Cognitive Computational Neuroscience

Open positions

Postdoc PhD positions

We do not have any open postdoc or PhD positions at the moment. Please contact Athina Tzovara for inquiries.

Master theses

Studying how our brains process sounds via machine learning

The human brain is characterized by rich neural dynamics, which are the result of coordinated electrical neural activity. Stimuli from our environment, like sounds, trigger strong reactions in distributed brain regions. In our recent work, we are studying how the human brain processes sounds from the environment via rich recordings of neural activity in patients with epilepsy.

Computational techniques are increasingly employed to analyze the large amounts of data that are generated from invasive recordings of neural activity of the human brain. In this project, we will employ machine learning and simulation techniques to analyse neural signals, with the goal of better understanding how our brains react to sounds. These signals come with incredible temporal and spatial resolution and are thus ideal to study brain processes at the micro- and mesoscopic levels.

The project is suitable for a Master thesis project. The student working on it should be motivated to program in Python for analyzing rich datasets. This project will give experience with machine learning, signal processing, neuroscience and working with human data. No prior experience with neural signals analysis is required.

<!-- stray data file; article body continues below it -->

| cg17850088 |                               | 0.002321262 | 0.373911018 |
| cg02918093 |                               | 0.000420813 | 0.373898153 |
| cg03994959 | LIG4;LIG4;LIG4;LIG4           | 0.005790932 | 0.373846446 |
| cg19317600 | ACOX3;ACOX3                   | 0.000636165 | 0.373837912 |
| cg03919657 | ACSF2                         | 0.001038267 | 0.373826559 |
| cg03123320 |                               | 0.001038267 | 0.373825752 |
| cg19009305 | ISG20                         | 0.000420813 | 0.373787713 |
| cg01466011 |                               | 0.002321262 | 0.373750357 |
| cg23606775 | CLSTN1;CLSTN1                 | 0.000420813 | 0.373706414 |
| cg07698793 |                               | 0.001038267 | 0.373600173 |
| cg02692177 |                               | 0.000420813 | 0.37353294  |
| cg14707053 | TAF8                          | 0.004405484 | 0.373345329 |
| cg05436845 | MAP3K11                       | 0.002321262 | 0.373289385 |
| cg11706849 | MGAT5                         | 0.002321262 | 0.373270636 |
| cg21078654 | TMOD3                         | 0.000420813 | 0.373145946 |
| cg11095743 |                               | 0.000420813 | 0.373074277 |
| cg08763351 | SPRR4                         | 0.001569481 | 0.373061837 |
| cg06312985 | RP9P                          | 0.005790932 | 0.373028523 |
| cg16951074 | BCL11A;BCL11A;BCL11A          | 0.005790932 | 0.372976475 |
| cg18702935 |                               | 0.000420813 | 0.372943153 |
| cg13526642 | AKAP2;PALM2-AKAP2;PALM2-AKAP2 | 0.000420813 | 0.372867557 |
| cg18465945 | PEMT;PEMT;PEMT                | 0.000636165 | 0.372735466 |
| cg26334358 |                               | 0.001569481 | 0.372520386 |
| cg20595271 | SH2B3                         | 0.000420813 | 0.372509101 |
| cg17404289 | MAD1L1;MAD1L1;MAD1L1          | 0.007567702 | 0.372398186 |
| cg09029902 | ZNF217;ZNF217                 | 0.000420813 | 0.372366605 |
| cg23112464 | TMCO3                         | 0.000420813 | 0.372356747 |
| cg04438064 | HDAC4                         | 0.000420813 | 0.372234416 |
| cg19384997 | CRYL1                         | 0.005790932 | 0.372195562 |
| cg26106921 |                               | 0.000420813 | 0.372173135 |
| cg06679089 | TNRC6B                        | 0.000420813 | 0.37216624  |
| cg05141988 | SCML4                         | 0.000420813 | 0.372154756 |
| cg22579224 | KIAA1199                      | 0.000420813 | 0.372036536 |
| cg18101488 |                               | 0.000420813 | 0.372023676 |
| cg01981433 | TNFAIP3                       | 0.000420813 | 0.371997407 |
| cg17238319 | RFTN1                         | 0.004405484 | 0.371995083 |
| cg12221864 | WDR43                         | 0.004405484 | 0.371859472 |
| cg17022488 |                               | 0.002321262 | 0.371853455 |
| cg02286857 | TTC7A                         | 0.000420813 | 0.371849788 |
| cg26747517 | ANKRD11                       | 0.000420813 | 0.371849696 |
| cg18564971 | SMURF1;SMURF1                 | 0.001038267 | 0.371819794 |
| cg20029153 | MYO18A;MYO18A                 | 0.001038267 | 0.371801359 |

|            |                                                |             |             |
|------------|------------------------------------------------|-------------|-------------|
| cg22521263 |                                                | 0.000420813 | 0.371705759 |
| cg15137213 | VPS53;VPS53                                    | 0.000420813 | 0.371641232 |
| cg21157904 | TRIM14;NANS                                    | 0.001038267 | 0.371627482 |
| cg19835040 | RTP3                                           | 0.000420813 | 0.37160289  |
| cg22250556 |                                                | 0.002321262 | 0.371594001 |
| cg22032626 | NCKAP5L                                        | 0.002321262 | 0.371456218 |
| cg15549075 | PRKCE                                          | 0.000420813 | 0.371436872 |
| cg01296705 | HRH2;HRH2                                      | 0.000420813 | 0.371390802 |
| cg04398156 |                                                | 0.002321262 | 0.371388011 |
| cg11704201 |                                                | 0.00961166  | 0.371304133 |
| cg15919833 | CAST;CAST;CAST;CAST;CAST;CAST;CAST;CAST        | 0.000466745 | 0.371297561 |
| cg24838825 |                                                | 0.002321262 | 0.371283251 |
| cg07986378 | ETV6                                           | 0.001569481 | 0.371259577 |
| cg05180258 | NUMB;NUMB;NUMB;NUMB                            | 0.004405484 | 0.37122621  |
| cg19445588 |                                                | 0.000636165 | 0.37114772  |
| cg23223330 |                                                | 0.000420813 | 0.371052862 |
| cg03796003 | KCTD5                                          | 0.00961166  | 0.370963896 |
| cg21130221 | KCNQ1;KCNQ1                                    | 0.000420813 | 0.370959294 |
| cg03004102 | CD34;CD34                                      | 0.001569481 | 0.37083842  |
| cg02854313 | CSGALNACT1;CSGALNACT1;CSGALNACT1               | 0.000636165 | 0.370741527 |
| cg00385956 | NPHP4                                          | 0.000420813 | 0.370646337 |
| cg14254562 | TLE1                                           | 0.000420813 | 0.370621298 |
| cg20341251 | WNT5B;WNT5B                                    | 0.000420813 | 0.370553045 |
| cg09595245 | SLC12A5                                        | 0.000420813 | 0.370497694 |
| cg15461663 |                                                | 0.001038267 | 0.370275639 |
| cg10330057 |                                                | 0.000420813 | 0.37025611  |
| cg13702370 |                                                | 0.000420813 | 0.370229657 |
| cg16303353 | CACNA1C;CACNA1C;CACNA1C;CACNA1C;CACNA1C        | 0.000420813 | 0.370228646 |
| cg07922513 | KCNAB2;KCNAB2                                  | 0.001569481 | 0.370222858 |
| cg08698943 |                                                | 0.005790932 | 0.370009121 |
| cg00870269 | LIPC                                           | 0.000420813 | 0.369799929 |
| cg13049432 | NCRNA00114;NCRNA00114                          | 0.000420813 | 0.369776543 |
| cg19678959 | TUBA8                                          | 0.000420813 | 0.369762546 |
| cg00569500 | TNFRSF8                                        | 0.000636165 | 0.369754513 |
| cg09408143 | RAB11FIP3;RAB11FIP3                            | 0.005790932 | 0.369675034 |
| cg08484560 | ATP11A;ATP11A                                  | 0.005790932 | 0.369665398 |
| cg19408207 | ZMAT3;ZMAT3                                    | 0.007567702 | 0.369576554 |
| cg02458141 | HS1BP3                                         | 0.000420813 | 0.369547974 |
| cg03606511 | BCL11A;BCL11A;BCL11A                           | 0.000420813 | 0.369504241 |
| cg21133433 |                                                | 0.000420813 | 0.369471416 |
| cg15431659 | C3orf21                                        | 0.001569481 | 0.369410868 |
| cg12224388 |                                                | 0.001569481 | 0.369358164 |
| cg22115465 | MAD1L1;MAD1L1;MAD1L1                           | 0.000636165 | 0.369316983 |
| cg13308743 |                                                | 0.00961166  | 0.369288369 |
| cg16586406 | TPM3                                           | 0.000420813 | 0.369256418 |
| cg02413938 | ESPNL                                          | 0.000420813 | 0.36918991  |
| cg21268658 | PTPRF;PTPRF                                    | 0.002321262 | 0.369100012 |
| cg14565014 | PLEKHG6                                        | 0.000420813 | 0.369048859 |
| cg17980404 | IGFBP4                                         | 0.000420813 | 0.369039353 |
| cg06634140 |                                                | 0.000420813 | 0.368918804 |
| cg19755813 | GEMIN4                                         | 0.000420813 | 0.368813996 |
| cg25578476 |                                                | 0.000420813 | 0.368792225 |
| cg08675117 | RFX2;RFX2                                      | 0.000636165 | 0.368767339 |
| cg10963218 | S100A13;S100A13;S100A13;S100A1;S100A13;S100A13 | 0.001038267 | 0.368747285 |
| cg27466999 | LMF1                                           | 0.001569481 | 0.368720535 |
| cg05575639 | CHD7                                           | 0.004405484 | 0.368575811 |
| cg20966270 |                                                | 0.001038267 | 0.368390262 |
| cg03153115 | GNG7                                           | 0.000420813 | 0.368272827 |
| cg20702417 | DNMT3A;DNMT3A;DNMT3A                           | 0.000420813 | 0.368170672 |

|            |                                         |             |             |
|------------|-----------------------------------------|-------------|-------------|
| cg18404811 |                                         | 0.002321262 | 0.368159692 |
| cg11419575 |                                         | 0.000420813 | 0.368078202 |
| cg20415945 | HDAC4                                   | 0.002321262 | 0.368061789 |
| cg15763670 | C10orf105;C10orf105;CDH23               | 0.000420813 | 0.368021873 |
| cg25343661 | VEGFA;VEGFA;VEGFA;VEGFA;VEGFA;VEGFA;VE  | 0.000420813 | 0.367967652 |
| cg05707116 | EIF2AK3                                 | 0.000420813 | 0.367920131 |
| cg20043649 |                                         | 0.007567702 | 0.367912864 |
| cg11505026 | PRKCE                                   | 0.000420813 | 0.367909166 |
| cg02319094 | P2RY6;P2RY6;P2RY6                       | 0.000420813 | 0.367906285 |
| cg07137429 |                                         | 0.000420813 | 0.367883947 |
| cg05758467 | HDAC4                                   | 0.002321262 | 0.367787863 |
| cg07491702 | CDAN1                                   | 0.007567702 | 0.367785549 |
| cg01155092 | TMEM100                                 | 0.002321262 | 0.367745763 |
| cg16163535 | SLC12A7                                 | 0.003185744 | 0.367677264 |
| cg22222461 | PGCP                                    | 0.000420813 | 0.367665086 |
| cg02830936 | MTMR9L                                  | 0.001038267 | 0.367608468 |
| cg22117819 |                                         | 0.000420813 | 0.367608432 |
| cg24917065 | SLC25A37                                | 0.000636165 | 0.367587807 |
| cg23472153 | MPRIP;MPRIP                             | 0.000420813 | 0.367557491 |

For more information please contact:

Riccardo Cusinato:

Athina Tzovara:

Deep learning techniques to study neural functions in coma patients

Computational techniques are increasingly used in the field of neuroscience. Signal processing and machine learning have promising clinical applications in automating the detection and characterisation of pathological patterns of neural activiy.

One tool that is commonly used to measure neural functions is electroencephalography -EEG-. EEG is a non-invasive technique that measures time-series of electric activity of the brain, though electrodes placed on the scalp. EEG is used as a diagnostic tool in neurological disorders, like epilepsy or coma. EEG recordings in coma patients carry information about the integrity of neural functions in the absence of consciousness, and can be used to predict the patients’ outcome and chances of survival. Recent work from our group has characterised patterns of EEG resposnes to sounds during the first day of coma. We showed that neural synchrony of EEG activity is predictive of patients’ outcome 3 months later, and that neural complexity is indicative of consciousness levels. However, it is not known how the synchrony and complexity of neural responses evolve over time.

This master thesis will use signal processing and machine learning techniques to analyse a rich EEG dataset of coma patients recorded over the first two days of coma. The goal is to evaluate how neural signals of coma patients evolve over time, and establish clinical predictors of their outcome.

The student working on this project will gain experience in signal processing of time series data, machine learning algorithms for biomedical data, and in the development of clinical biomarkers.

For more infomration please contact:

Sigurd Alnes:

Athina Tzovara:

Forecasting epileptic seizures